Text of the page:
Shining Light on the Cost of Diabetes Test Strips

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(Victor/via Flickr)
Test strips -- the white strip in the photo above -- vary dramatically both in cash price and in insurance coverage. (Victor/via Flickr)

Since early this summer, KQED and our partners, KPCC and ClearHealthCosts.com, have been crowdsourcing the costs of common health care procedures.

If you're one of the 29 million people in America who has diabetes, we're turning now to you. We know that many people with diabetes must check their blood sugar, also called glucose, level several times a day.

For those of you who don't have diabetes, the reason for frequent checking is because in diabetes, sugar can build up in the bloodstream because the body is not able to process it. That can be dangerous. Depending on the severity of the disease, many people with diabetes must check their glucose level several times a day to make sure it is neither dangerously high nor dangerously low.

To check their blood sugar, people with diabetes have a glucose meter. Each time they test their blood, a test strip is inserted into the meter. Then they use a special needle to prick a finger and place a drop of blood on a test strip. The meter displays the result.

A single strip is not so much money, but testing day in, day out, the money adds up. In addition, like everything else in health care, different insurers cover different brands at different quantities and different co-pays or co-insurance.

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"If you rely on our [health care] system," said Amy Tenderich, founder and editor of DiabetesMine.com, a diabetes news, advocacy and community website, "it's a major thorn in your side, because you have no way of knowing what the real costs are or how anything is calculated."

Tenderich knows the issue of test strips well. She was diagnosed with Type 1 diabetes in 2003.

Early last year, it looked like there was a glimmer of hope in the expense around test strips. Medicare instituted a competitive bidding process. That brought the price of test strips down some, but may have created a ripple effect where other private insurers are clamping down on both quantity and variety of strips they cover. (Many in the diabetes community have also sharply criticized the move because they say the lower-cost strips are often less accurate.)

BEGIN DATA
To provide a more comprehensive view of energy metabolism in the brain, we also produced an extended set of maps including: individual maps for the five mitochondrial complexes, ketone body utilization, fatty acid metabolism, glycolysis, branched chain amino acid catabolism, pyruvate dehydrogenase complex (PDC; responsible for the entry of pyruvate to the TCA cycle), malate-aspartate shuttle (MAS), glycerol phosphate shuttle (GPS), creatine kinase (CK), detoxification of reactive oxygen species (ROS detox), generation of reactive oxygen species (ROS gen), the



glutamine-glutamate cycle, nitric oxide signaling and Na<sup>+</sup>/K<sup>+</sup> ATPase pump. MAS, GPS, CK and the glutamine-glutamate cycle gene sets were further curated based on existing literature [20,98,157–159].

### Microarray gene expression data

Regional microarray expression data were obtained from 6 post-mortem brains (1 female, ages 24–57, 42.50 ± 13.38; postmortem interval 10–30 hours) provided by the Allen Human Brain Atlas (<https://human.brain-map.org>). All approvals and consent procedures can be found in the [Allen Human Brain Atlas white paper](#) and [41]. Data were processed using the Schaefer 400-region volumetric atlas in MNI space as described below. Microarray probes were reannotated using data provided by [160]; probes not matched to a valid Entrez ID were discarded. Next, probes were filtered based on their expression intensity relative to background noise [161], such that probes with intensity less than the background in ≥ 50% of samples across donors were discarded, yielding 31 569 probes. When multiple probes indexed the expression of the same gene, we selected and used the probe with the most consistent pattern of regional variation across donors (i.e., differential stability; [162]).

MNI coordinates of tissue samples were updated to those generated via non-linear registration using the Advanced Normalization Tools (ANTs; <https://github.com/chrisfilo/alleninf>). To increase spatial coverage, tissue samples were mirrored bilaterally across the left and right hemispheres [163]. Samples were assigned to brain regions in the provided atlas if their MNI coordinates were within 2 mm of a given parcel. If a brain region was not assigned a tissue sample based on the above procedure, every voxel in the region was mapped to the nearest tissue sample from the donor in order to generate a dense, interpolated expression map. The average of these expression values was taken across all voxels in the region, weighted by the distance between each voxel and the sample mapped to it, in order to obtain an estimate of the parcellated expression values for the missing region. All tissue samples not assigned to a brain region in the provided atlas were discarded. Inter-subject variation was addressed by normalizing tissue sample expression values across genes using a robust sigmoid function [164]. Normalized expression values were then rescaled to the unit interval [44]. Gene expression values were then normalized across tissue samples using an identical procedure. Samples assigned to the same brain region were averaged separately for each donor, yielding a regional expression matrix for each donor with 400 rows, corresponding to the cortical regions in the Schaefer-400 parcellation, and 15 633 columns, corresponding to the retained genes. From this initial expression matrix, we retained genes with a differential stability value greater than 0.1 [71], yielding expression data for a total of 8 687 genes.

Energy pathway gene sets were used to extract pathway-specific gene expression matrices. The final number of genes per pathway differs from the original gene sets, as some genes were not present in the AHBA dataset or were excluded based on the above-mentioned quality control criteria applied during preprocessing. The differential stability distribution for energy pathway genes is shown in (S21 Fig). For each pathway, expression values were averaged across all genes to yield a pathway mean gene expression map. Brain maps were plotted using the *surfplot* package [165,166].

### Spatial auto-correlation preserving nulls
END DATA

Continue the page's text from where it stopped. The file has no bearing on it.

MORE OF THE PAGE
Yes, you can search online and find the cash price for test strips pretty easily. But the variety can be confounding! First in quantity: boxes of 100, boxes of 50, a box of 51.

Then there's price -- two brands I found were $17.17 for 100 count; another box of 50 was $33.79.

But cash prices found online are of little help to the millions of Americans who are insured and are restricted to what their insurer covers, both in brand and in quantity. The quantity is strips-per-some-arbitrary-unit-of-time. Maybe it's strips per day or per month, or 60 days, or 90 days.

It all depends on what contracts the insurance company has made with test strip manufacturers. Remember that those contracts are sealed; You can't compare insurer to insurer.

"Every time someone moves to a new insurer," Tenderich says, "the pricing will be very different on the drugs I'm taking and the test strips as well. Nobody is going to send you a breakdown. You have no way of knowing how they're calculated."

That's where PriceCheck comes in.

If you have diabetes and you test your blood sugar regularly, please visit PriceCheck and submit what you paid and what your insurer paid. In addition, please share the specifics of your own insurance -- how many strips a day (or month) your insurer covers and exactly what your co-pay or co-insurance is on test strips. We want to know the limitations of your insurance. Since people with Type 2 diabetes may face strict restrictions on the number of strips they can use, we're also asking people to let us know if they have Type 1 or Type 2 diabetes.

Help us make health costs transparent in California -- visit PriceCheck and share your costs!